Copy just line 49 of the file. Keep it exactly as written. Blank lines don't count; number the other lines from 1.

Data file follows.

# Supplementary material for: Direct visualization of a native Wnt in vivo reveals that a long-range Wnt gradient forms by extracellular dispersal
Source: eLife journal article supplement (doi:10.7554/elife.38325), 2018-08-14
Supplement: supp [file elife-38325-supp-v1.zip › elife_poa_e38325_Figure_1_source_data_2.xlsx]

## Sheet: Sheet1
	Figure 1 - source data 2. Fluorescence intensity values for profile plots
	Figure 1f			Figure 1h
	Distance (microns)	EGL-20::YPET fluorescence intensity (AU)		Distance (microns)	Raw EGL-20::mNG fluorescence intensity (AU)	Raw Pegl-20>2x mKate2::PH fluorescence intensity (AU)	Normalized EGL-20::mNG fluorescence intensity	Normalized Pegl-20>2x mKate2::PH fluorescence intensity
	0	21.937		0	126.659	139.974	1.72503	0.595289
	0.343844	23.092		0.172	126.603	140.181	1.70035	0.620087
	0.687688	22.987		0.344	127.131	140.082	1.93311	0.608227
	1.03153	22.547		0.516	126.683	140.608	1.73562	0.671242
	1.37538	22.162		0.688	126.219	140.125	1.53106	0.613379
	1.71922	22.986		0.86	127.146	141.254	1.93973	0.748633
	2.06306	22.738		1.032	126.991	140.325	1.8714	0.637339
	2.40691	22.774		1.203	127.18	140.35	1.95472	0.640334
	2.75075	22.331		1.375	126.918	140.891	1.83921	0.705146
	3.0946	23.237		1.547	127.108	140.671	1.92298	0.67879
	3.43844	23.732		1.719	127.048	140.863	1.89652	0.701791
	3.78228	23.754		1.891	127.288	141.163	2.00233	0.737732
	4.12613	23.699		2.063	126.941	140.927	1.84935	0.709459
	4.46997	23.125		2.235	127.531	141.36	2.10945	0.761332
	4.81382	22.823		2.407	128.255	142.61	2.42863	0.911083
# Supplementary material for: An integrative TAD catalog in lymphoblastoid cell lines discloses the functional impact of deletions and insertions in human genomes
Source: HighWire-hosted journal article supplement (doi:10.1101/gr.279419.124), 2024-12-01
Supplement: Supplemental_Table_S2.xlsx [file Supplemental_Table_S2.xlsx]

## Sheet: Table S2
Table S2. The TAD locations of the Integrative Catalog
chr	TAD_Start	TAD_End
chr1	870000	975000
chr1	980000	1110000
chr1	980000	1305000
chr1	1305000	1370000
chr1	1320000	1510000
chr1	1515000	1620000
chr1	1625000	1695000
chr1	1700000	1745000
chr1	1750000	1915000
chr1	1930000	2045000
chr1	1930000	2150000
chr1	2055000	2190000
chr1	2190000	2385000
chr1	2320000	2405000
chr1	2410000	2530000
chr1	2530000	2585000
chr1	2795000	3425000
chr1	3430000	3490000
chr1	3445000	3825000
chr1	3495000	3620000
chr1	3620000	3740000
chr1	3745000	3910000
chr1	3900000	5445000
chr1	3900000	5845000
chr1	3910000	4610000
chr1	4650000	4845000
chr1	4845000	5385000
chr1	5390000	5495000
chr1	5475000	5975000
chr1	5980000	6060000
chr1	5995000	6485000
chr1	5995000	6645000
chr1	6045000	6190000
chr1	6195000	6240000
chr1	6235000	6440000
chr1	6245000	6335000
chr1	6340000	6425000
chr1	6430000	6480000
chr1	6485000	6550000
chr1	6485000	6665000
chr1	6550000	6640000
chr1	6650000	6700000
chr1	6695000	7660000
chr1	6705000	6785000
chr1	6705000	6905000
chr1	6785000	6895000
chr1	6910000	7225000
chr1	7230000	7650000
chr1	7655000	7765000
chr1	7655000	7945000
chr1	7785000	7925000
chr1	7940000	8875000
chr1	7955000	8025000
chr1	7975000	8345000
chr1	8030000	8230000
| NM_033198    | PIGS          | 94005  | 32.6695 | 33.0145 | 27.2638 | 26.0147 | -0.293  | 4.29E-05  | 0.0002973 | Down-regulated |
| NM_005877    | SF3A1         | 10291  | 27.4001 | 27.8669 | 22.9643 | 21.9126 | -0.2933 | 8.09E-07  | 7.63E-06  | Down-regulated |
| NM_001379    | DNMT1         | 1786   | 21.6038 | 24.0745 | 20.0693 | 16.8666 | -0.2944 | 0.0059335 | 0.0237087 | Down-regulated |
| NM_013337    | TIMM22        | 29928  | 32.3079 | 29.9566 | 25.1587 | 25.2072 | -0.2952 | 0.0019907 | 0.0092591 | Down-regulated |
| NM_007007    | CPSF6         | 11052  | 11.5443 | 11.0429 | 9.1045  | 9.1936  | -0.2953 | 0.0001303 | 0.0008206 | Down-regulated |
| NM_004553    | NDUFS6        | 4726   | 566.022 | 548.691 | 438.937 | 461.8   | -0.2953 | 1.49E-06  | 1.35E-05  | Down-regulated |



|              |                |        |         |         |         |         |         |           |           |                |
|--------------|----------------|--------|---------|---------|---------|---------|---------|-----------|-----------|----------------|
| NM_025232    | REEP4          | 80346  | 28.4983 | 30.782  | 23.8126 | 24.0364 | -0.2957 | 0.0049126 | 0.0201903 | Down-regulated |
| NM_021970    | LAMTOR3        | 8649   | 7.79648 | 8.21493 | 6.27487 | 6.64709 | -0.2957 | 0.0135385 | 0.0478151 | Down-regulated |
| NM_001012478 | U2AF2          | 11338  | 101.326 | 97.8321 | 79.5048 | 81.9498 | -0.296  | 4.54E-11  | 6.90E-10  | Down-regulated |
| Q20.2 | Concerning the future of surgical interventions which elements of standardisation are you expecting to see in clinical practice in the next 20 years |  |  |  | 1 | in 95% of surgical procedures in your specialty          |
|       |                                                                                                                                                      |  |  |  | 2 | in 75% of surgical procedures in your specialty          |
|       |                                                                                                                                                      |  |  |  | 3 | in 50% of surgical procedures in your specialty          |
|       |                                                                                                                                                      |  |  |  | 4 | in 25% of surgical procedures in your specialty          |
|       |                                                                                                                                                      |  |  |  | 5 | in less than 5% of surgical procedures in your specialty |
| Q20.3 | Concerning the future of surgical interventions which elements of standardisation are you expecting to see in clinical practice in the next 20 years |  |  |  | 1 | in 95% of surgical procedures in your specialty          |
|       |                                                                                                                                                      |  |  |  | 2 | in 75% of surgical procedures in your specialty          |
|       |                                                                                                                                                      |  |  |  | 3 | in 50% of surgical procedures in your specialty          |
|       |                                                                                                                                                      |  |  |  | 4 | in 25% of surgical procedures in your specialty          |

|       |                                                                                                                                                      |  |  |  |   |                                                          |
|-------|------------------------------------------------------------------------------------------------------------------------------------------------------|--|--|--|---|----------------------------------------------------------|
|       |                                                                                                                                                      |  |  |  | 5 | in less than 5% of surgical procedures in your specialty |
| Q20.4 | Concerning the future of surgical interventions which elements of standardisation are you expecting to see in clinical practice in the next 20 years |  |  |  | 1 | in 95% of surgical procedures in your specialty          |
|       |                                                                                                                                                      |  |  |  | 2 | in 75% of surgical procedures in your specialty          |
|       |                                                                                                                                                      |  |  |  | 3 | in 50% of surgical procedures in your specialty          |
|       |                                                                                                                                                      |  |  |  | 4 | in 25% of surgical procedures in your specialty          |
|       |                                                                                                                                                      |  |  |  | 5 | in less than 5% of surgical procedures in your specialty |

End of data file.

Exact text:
chr1	3620000	3740000